George McNish (circa 1660 -1722), a Scot and graduate of the University of Glasgow, came to the colonies with Francis Makemie in 1705 on Makemie's return from a "tedious and sick" voyage to England where he had gone to ask for aid. For a short time McNish labored among the people of Monokin and Wicomico in Maryland until the congregation at Jamaica, New York, called him as its eighth minister in 1710-11. McNish served as clerk of the presbytery in 1707, and moderated in 1710 and 1716. He preached the synodical sermon at the first meeting of the Synod of Philadelphia in 1717.

Nathaniel Taylor (d. circa 1710-12) was probably ordained in Scotland about 1702-03 and traveled immediately to Upper Marlborough, which later became the Patuxent Church, at the mouth of the Patuxent River in Maryland with 200 Scottish immigrants. A local landowner, Ninian Beall, donated land for the church.

John Wilson (d. 1712) is recorded as preaching as early as 1702 in New Castle, Delaware, but had no pastoral relationship with the congregation there. In 1708 the presbytery directed him to preach alternately at New Castle and White Clay Creek, and periodically at Apoquinimy. It is likely that after 1710 he devoted all his time to White Clay Creek until his death. He conducted the presbytery's correspondence with divided or uneasy congregations and with Scotland. He served as presbytery moderator in 1707 and 1711.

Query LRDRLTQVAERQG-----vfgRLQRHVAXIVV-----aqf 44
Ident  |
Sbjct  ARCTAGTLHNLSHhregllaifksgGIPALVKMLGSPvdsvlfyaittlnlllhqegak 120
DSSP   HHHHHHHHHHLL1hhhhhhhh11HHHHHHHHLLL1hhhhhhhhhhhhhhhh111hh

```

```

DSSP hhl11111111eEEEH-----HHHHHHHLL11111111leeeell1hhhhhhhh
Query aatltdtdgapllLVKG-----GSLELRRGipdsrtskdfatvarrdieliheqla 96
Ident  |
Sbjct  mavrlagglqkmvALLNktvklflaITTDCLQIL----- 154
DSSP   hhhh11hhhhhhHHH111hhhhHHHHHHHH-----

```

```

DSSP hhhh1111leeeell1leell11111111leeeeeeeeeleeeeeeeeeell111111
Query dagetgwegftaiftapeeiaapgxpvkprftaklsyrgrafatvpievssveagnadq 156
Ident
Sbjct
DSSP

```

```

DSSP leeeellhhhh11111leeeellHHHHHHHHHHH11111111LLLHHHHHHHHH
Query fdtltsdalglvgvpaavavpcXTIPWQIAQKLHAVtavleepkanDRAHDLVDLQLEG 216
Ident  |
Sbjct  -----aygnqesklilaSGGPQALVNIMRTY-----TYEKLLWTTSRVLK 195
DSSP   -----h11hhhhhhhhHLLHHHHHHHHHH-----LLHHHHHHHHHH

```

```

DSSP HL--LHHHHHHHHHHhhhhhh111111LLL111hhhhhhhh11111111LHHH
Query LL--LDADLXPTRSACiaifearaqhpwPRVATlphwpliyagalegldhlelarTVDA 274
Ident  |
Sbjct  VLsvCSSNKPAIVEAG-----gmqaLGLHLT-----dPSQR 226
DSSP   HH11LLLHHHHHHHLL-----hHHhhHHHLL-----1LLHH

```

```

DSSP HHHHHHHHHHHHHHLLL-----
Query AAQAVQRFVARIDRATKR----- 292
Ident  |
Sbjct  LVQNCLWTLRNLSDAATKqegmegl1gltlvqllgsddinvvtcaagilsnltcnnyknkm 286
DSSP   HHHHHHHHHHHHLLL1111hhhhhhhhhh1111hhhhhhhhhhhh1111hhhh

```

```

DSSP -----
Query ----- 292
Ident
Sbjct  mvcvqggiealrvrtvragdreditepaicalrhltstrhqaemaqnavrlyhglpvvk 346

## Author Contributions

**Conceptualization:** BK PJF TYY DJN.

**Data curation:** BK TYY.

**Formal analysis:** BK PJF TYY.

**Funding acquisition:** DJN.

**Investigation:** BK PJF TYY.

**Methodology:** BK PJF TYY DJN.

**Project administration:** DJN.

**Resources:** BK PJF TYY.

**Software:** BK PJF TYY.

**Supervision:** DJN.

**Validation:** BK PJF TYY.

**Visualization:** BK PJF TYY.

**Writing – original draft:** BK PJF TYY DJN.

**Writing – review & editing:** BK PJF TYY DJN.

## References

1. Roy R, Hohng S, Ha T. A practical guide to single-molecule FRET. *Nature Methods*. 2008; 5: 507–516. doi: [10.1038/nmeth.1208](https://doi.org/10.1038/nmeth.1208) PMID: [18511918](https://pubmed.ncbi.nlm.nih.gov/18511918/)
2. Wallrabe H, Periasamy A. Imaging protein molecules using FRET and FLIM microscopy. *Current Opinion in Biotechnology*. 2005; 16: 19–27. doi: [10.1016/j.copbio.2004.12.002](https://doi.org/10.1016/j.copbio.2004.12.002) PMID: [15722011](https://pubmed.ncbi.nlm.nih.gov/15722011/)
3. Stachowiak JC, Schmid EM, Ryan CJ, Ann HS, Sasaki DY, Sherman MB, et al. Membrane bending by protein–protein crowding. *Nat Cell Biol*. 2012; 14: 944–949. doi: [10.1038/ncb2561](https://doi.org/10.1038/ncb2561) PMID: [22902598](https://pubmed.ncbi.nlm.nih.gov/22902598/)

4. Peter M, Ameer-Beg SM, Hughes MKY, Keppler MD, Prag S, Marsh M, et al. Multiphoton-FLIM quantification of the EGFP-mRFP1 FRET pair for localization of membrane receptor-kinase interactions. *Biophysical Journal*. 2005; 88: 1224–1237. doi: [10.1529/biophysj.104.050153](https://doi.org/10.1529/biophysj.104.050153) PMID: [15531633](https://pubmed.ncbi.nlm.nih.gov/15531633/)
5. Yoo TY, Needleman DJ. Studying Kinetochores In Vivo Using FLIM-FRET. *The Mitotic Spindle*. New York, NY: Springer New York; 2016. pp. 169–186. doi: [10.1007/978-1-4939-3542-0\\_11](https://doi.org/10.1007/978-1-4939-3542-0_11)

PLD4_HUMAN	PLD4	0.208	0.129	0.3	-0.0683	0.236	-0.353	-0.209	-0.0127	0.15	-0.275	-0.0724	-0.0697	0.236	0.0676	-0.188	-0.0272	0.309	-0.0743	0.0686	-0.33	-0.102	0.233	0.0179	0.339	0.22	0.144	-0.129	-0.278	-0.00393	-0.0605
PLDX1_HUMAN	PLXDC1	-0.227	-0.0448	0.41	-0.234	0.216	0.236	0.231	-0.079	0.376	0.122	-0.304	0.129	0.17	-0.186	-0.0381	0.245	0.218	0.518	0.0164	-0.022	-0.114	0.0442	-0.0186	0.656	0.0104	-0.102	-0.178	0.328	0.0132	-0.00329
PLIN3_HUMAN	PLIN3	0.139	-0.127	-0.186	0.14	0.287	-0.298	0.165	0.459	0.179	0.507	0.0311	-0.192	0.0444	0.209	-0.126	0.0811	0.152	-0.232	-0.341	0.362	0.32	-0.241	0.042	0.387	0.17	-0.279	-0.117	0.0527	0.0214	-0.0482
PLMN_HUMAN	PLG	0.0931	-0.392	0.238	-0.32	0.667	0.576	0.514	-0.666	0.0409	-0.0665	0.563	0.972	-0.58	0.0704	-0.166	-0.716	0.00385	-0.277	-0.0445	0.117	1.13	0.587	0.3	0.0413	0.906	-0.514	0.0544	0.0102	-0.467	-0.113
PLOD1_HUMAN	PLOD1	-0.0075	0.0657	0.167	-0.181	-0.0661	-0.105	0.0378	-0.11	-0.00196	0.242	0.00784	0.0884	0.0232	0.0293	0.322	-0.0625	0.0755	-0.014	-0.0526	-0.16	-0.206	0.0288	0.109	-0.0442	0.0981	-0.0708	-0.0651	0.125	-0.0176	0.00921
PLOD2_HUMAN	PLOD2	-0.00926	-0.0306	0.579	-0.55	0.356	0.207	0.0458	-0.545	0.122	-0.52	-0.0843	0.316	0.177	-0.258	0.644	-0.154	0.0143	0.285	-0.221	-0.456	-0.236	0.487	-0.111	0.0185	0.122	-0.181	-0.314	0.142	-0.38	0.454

The Presbytery, formed as a general presbytery with no fixed geographical boundaries, had as its purposes education, fellowship, discipline, and to license and ordain men for ministry.

The founders also began to carve out a place for Presbyterianism in the New World and shape the American tradition emphasizing presbyteries as the primary governing body.

They would add members until they were able to form the Synod of Philadelphia in 1716-17 with four presbyteries: New Castle (Delaware), New York, Philadelphia, and Snow Hill (Maryland), providing a firm foundation for their faith tradition in America.

Carolyn Winfrey Gillette's hymn:

We Look to You, O Jesus

Tune: Lancashire ("The Day of Resurrection")

We look to you, O Jesus * in faith, our Pioneer * For you have gone before us and brought your people here. You showed us all God's kingdom, you gave us work to do; In death you went before us; for life, we turn to you.

We looked to you to guide us three hundred years ago; How different was the land then, from this land that we know. With towns and country growing, your people heard your call, And so they built new churches, proclaiming you to all.

Through times of strife and anguish, through times of joy and grace, Through conflicts with our culture, you've brought us to this place; And still your world is changing, and still we seek to be A church reformed, reforming in faithful ministry.

Perfecter of the faith, Lord, we look to you each day; We work for peace and justice, we worship, learn and pray* And witnesses surround us, a host of saints above, As we continue sharing the joy of your great love.

Tune: Henry Thomas Smart, 1835 Text: Carolyn Winfrey Gillette, 2006